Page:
DDP Talks To:

Laurel Winton (Founder & Executive Director)

1. Tell us about your background/personal story.

I grew up in San Francisco and was raised in the Haight Ashbury by an artist mother and lawyer father. I fell in love with dance once I started performing in the San Francisco Ballet Nutcracker and received a full merit scholarship as I progressed in the School. I danced for Pennsylvania Ballet for one year (now Philadelphia Ballet) before joining the Joffrey Ballet for five years. I competed as a senior soloist in the International Ballet Competition in Jackson, MI before leaving Joffrey to play the lead role of “Penny” on the national broadway tour of Dirty Dancing. This tour brought me to NYC where I landed a costar role on the first season of CBS’s Bull. Getting the itch to be in a dance company again, I guested with ASFB in their Nutcracker and joined the company full time the following season.

2. Walk us through the founding of the company. How did it start? I recognize that you and I share a bond in that we are both reluctant entrepreneurs. I kept looking for an alternative to founding DDP – you were happy dancing for Aspen-Santa Fe Ballet.

Like you said, I never meant to start a company! The pandemic hit, we lost our jobs and we had no other way to exist as professional dancers in Aspen. There was no longer a resident company and none of us wanted to leave the community and families we built. Aspen was our home. I started asking around to my friends in the community if having a company here was something that mattered to them, and the encouragement I received to continue my art here was enough to get everyone together and just go for it. It was really natural because we all were like family and worked so well together from being in ASFB. We stuck together and everyone used their connections in the industry to bring creations and resources to this thing we started building out of necessity.

3. What’s special about being a woman-led company? In our discussion, you made the creation of the company and its administration sound extremely collaborative.

It is empowering for young women in dance to see women run what for many years was (and still is) a male dominated industry. Not that there is anything wrong with men running dance companies, but [being a woman-led company] may just make young women realize that they do have the capacity to fulfill a much broader scope of responsibilities in the dance world than just to be on stage. The stage has always been my favorite place to be, but now I am stepping into a different kind of performance – we all are – of running the company. DanceAspen is a very unique company because every facet – every level of the company – has been built and is being developed by the artists of the company, from marketing to outreach development to fundraising, and especially creatively. As founding members of the company, we get decide who we bring in to work with. This is also empowering and gives everyone a sense of having equity in the company.

4. What challenges have you faced over the last almost two years with the pandemic? You have been quite successful in fundraising, and former Board members have stepped forward to support you.

The pandemic was incredibly difficult for us, as it was for the rest of our industry. It was hard to see other companies get back to work while we were realizing that we would not. But seeing other companies come out of the pandemic also gave us the strength to know our careers weren’t obsolete and were worth fighting for. The fundraising came as a surprise and is a testament to the community of Aspen and the value that its people put on local artists. I was paying out of pocket for most of the summer for essential things like flights and rehearsal space. We were getting work generously donated to us by choreographers and were working around the dancers’ serving and retail jobs. I think our resilience, combined with the fact that our community really wanted this to happen, was what got us raising money quickly. We also had a lot of guidance from experts in the legal, financial, and development sectors and with such a strong appreciation for the arts already built in, it was the perfect storm to get us going.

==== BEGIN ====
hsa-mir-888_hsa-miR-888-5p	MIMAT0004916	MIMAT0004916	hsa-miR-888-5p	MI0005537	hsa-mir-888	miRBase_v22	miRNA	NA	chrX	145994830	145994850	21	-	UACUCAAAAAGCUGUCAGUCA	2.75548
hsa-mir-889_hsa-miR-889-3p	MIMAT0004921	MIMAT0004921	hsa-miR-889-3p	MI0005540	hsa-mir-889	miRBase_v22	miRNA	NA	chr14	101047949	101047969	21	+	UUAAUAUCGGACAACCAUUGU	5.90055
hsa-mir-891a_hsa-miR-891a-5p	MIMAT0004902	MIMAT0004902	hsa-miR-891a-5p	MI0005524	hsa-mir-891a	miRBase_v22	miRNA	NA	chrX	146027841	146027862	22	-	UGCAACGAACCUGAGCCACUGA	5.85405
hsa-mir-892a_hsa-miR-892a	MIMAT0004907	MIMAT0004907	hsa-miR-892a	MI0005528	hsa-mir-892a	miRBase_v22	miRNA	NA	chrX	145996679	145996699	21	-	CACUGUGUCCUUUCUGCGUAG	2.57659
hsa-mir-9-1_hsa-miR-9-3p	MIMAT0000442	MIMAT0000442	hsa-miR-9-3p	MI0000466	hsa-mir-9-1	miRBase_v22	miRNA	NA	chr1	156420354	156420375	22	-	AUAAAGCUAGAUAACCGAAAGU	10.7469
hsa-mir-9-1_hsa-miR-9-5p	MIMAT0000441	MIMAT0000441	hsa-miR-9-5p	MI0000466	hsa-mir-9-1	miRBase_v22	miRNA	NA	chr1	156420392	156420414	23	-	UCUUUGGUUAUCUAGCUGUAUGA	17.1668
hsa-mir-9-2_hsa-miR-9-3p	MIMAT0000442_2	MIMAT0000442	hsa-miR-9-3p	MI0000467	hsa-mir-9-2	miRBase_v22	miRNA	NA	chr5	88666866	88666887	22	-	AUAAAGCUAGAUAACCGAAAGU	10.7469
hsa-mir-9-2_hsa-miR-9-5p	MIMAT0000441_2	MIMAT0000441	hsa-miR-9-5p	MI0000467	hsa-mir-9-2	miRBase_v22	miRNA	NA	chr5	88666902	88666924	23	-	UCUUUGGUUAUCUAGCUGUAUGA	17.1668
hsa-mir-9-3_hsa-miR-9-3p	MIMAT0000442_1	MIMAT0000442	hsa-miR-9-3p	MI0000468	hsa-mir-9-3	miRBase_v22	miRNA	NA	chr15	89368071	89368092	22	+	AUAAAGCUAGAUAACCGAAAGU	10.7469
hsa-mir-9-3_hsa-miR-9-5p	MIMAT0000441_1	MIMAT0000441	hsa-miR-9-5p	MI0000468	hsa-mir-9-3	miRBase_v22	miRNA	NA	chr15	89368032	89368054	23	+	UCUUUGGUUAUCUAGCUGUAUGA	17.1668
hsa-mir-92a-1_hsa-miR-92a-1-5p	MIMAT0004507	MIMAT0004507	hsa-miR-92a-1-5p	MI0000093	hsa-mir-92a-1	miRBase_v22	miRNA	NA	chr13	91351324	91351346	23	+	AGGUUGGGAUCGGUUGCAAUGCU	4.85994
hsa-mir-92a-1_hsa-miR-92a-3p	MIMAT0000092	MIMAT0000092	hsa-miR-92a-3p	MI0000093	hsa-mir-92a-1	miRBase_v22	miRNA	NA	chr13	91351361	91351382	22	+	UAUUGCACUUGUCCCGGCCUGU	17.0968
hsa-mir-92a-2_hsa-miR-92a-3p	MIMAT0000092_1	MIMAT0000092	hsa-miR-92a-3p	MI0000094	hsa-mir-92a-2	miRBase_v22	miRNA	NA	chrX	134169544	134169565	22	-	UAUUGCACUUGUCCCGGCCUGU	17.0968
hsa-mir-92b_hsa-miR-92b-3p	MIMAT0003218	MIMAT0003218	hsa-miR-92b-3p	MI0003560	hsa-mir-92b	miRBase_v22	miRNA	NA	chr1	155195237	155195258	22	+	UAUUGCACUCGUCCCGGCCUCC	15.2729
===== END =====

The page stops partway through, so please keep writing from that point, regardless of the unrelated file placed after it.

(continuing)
5. What skills have you learned since taking the plunge?

Oh my gosh, I have learned and continue to learn new skills everyday! It is not easy running a nonprofit, and I respect anyone who successfully does this job. I talk to our financial advisor everyday and have learned quite a bit about budgeting for shows and creations. I also personally write up all the contracts, so I’m learning different ways to go about that and the necessary clauses to put in each type of contract. I have a great fundraising mentor, as well, and am constantly learning from him the finesse and boldness needed to raise money.

6. Any exciting news or upcoming commissions you’d like to share with us?

Lots of exciting things in the works! We have a few collaborations coming up with other Aspen-centric organizations, including Theatre Aspen and The Skico Company, but our next big DanceAspen show will be an all-female program consisting of new creations by Ana Maria Lucaciu, Danielle Rowe, Adji Cissoko, and a re-setting by Caili Quan.

7. What does the future look like?

Though we have a lot of work ahead of us before we can contribute to the Aspen and dance communities in the way we would like to, we are building a fantastic team of supportive donors, partnering with some amazing organizations and companies, and cultivating artists with bold and innovative ideas. I’d say the future of DanceAspen is pretty bright!

8. What do you and your co-founders do for fun?

We love to ski and snowboard!